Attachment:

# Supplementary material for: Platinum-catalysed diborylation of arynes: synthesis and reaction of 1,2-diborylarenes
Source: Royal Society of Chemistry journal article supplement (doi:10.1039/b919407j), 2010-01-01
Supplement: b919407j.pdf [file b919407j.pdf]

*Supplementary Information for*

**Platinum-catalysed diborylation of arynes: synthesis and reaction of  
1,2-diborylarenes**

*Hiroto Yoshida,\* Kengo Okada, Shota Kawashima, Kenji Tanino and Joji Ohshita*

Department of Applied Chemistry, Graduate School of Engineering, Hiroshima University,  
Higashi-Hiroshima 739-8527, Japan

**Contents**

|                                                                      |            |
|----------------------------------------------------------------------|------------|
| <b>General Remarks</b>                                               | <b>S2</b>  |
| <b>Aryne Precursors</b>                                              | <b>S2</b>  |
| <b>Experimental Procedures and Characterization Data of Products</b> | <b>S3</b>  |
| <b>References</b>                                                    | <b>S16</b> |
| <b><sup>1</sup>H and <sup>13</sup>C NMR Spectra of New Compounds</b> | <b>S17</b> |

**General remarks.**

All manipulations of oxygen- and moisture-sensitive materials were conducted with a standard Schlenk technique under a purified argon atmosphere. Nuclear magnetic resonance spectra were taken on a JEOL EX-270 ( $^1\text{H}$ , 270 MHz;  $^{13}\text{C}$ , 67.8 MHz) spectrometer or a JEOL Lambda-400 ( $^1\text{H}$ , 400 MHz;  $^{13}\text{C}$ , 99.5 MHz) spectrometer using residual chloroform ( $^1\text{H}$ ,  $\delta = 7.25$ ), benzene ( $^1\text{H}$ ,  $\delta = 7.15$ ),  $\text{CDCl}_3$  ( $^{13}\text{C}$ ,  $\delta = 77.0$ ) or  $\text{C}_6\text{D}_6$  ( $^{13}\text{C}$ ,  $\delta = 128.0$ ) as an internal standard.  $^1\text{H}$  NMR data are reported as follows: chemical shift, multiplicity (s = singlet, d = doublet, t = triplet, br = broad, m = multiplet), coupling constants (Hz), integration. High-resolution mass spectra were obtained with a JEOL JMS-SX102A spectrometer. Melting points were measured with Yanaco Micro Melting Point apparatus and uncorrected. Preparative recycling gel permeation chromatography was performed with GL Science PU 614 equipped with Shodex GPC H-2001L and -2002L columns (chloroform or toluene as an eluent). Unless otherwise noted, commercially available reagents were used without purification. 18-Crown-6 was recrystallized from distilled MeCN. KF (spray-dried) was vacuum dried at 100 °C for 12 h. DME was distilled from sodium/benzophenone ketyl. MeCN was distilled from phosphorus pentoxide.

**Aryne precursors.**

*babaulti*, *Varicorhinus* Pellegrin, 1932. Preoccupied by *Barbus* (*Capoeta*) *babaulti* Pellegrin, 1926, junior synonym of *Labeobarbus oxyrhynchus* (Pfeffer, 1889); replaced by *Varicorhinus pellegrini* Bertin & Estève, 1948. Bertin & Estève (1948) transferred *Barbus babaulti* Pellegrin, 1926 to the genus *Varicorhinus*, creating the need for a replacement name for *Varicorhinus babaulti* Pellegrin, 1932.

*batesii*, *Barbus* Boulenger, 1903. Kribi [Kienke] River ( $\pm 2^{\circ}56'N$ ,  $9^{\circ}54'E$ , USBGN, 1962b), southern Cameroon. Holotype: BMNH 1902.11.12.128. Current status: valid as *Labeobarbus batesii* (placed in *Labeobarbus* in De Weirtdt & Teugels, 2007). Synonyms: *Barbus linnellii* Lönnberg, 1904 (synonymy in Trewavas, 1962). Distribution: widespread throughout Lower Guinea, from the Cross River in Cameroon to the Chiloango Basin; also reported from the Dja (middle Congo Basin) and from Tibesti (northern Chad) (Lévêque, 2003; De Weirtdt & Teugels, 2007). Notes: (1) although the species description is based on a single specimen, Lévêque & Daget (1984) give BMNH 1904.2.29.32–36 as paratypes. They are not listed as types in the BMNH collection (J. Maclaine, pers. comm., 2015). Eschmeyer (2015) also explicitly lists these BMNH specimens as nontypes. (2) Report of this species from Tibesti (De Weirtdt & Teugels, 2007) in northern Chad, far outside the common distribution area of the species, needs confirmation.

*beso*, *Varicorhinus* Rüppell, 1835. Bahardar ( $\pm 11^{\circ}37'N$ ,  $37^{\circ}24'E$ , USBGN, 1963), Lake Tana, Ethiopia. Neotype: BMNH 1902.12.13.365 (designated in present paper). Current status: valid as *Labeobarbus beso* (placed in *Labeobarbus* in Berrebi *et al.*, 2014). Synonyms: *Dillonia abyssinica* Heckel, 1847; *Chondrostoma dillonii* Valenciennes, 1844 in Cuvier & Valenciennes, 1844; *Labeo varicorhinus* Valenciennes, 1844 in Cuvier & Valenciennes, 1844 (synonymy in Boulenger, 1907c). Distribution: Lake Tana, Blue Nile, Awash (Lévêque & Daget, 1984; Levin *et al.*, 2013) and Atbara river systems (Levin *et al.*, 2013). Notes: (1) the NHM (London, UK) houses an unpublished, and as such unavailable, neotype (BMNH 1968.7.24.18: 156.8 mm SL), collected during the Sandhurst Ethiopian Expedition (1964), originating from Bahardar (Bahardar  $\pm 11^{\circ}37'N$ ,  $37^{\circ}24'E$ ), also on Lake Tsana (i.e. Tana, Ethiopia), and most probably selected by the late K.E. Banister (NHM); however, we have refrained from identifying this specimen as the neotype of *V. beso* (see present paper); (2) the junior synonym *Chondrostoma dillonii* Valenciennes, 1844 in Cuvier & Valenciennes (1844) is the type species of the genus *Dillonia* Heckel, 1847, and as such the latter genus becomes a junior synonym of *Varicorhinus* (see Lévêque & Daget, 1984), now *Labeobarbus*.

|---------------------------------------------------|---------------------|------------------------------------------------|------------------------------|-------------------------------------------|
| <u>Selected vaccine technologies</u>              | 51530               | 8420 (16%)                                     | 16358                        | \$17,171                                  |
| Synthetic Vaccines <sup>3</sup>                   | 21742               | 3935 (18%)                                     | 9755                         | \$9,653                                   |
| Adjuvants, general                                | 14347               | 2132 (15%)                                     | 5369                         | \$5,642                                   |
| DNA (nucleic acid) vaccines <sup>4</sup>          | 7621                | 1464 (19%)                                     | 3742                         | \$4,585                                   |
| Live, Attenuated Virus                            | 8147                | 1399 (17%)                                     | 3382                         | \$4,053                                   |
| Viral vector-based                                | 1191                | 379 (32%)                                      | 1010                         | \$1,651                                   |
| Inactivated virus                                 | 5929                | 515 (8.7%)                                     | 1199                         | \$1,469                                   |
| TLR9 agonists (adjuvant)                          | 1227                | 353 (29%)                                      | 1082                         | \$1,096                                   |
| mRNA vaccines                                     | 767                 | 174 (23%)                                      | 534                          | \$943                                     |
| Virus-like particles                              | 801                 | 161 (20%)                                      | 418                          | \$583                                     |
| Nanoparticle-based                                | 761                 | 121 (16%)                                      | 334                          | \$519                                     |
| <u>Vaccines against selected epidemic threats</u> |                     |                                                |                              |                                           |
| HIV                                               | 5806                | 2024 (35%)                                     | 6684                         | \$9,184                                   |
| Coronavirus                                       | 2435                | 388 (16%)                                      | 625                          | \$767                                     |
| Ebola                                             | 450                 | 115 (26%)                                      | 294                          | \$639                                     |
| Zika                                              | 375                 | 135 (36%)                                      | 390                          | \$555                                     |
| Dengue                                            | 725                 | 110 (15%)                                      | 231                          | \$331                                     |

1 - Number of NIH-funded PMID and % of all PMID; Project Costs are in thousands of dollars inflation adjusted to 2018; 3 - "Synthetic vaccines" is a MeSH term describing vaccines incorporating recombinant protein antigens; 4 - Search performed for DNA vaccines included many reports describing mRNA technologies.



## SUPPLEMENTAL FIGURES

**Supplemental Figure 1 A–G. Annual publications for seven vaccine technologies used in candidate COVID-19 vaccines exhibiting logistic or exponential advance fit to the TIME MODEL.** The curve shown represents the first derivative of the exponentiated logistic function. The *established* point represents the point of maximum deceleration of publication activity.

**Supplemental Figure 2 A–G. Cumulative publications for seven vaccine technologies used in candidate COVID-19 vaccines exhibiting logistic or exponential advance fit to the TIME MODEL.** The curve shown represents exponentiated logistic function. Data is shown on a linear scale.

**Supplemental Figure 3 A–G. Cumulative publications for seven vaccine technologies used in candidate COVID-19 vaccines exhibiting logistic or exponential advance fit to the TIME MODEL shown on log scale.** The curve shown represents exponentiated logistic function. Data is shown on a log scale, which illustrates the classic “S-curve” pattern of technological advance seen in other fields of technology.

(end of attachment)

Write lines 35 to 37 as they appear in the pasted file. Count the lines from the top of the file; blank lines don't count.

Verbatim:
| Nanoparticle-based                                | 761                 | 121 (16%)                                      | 334                          | \$519                                     |
| <u>Vaccines against selected epidemic threats</u> |                     |                                                |                              |                                           |
| HIV                                               | 5806                | 2024 (35%)                                     | 6684                         | \$9,184                                   |